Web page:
Grassroots Action

What makes the Sierra Club Canada Foundation so effective is our network of experts, partners and volunteers. Our chapters are engaged in many projects at the local level. Want to get involved? Contact our national office or your local chapter. If you have a dedicated group of members who want to lead their own projects within a region, you could start a Group. According to our organization's policy: Groups may be formed by any three or more members who wish to be active in their local community or within a larger geographic area, in relation to a particular conservation issue or issues, with the intention that the group exist on an ongoing basis. Otherwise, more time-limited local issues are to be managed within the auspices of the Chapter, or if none exists, then in co- operation with program staff working at the national level.

BioDiversity Day at Charles Webster Public School

Responding to an impassioned invite from teacher George Lehto, SCO members Leslie, Francine, and Aleks visited Charles E. Webster Public School in Toronto where they met with students from the school’s eco-club. Webster P.S. is an ecoschool which means they focus on learning via connecting with conservation, environmentalism, and develop gardening, tree planting, on their property. 

What Happens Now With the EPCOR Solar Farm?

Charles Richmond speaking with the press at Edmonton City Hall

Written by Jaclyn Layton

With over 72 square kilometres of lush river valley, Edmonton presents a unique intersection of urban and green space. More expansive than Stanley Park of Vancouver (4 square kilometres), or even Central Park in New York City (3.4 square kilometres),  Edmonton’s greenery is an aspect of the city that is celebrated, and therefore should be preserved and protected. The natural wonder of the North Saskatchewan River Valley has been at risk over the past 18 months over a proposed solar farm that would degrade the Valley’s natural state.

Op-Ed: EPCOR’s Solar Farm – or is it EPCOR’s Railroad?

Edmonton's River Valley, a unique and valuable asset

Edmonton City Bylaw 7188

The North Saskatchewan River Valley Area Redevelopment Plan is a comprehensive plan which envisions the major portion of the River Valley and Ravine System for use as an environmental protection area and for major urban and natural parks.  […] As Edmonton grows and changes and as land becomes more valuable the River Valley may become the threatened by commercial and industrial uses, as well as by civic uses such as public utilities. The municipal level of government has probably exerted the greatest development pressure on the River Valley with public utility proposals and transportation plans. These uses tend to be incompatible with the aims of nature preservation and parkland development.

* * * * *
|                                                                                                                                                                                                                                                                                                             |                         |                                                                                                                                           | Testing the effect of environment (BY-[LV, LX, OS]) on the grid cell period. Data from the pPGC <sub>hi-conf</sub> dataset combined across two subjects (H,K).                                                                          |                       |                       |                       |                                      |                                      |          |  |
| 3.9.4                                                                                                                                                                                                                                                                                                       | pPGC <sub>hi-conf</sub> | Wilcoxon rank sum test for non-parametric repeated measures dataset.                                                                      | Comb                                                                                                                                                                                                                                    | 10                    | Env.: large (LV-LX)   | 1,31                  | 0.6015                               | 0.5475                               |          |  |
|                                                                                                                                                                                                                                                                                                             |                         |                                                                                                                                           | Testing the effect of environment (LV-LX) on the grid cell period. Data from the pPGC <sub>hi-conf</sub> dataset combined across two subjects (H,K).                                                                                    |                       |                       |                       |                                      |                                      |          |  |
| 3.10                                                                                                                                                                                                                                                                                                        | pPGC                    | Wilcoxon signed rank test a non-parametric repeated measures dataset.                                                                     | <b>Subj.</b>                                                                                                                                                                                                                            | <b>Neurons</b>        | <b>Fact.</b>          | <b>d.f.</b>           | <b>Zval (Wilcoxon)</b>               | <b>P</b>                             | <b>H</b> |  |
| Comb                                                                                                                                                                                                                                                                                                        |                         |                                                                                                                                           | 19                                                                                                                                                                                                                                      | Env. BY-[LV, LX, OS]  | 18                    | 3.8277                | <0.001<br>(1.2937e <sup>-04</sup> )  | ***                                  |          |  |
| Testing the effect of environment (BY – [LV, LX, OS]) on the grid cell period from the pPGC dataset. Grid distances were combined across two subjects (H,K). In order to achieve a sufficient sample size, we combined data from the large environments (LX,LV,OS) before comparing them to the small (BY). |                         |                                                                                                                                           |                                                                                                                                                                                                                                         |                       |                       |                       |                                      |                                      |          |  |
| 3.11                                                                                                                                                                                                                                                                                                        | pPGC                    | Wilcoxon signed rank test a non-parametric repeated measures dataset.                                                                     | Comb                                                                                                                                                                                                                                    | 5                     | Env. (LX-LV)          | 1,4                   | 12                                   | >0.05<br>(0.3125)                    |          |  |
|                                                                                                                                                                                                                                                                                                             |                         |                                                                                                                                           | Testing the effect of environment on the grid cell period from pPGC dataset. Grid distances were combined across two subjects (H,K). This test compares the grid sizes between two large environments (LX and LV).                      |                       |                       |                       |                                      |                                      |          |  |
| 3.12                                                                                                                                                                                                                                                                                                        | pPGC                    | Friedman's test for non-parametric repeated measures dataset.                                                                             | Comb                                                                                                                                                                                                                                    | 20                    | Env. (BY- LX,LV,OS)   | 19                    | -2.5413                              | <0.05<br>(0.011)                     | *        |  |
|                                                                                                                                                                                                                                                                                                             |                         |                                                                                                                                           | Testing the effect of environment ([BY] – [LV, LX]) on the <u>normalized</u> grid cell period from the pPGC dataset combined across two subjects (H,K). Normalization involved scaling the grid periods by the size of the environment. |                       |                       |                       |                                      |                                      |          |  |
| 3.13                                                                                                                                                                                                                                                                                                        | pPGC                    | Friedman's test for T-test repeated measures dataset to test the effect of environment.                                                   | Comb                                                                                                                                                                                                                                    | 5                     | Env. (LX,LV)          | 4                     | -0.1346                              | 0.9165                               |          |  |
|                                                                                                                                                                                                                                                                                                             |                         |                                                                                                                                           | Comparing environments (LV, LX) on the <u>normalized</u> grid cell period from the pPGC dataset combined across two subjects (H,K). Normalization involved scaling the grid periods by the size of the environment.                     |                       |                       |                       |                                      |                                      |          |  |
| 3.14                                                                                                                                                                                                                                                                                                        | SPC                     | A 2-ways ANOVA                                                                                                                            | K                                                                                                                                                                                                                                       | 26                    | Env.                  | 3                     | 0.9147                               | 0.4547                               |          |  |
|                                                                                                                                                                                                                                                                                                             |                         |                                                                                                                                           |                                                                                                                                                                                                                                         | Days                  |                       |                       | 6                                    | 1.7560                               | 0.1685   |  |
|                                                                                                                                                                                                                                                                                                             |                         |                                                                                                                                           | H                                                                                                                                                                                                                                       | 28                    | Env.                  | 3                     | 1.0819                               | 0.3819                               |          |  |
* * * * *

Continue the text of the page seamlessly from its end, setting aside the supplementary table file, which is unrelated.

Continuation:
Those excerpts from our North Saskatchewan River Valley Area Re-development Plan, Bylaw 7188, are found in its purpose, which is explicit in its regard for the importance of protecting our river valley and ravine system.  The details surrounding exceptions are strict, and the bar set high. Give it a read.

Sierra Club Canada Foundation is determined in its effort to conserve our River Valley, Edmonton’s most unique and valuable asset.

OPEN LETTER on Bill C-69 and the Role of Offshore Petroleum Boards

June 13, 2019

 

Dear Ministers McKenna, Sohi, and Wilkinson,

 

The new Impact Assessment Act, Bill C69, will make environmental assessments for offshore oil and gas activities in Atlantic Canada have even less credibility than they do now.

 

The draft amendments to the bill introduced in the House of Commons on June 12 will allow offshore petroleum boards to chair review panels that will assess offshore oil and gas projects.

 

Provincial Highway Threatens Rare Native Grassland Ecosystem

Written by Warrick Baijius, Endangered Grassland Alliance

Saskatoon, SK, is a vibrant and growing prairie city within an agricultural landscape. But in and around Saskatoon there are some enchanting and ever-changing natural sites, gems that provide a glimpse into pre-settlement landscapes. These areas include complex and diverse combinations of native plant and animal communities, housed and fed in a mosaic of diverse habitats influenced by erosion, grazing, and fire. Some of these areas have fescue and mixed grassland prairie —globally the most threatened ecosystem, and regionally an increasingly rare occurrence (at 5% of original extent for fescue, and 9% to 15% for mixed).

Wild Child Spring Programming Was a Huge Success! Big Thanks to All Our Participants!

Picture this:
There is a group of fifteen five year old kids exploring a nearby forest. They are wandering around, digging holes, walking on logs, listening for birds - even stopping to look at rabbit droppings! With a magnifying glass in hand, these nature detectives are on the hunt to discover all the hidden treasures nature has to offer.

This is a typical day for our participants at our Wild Child Nature Immersion Program. 

               

Call for 2019 Board Nominations

The Foundation and its Mission

Sierra Club Canada Foundation (SCCF) is a registered charity whose mission is to be a voice for the earth. We work to protect and preserve the natural environment and to empower people to be stewards of the earth in their communities.  Since 1971, the SCCF has funded tens of millions of dollars’ worth of important work, from small local projects to large, multi-year campaigns with many volunteers, organizers, and scientists.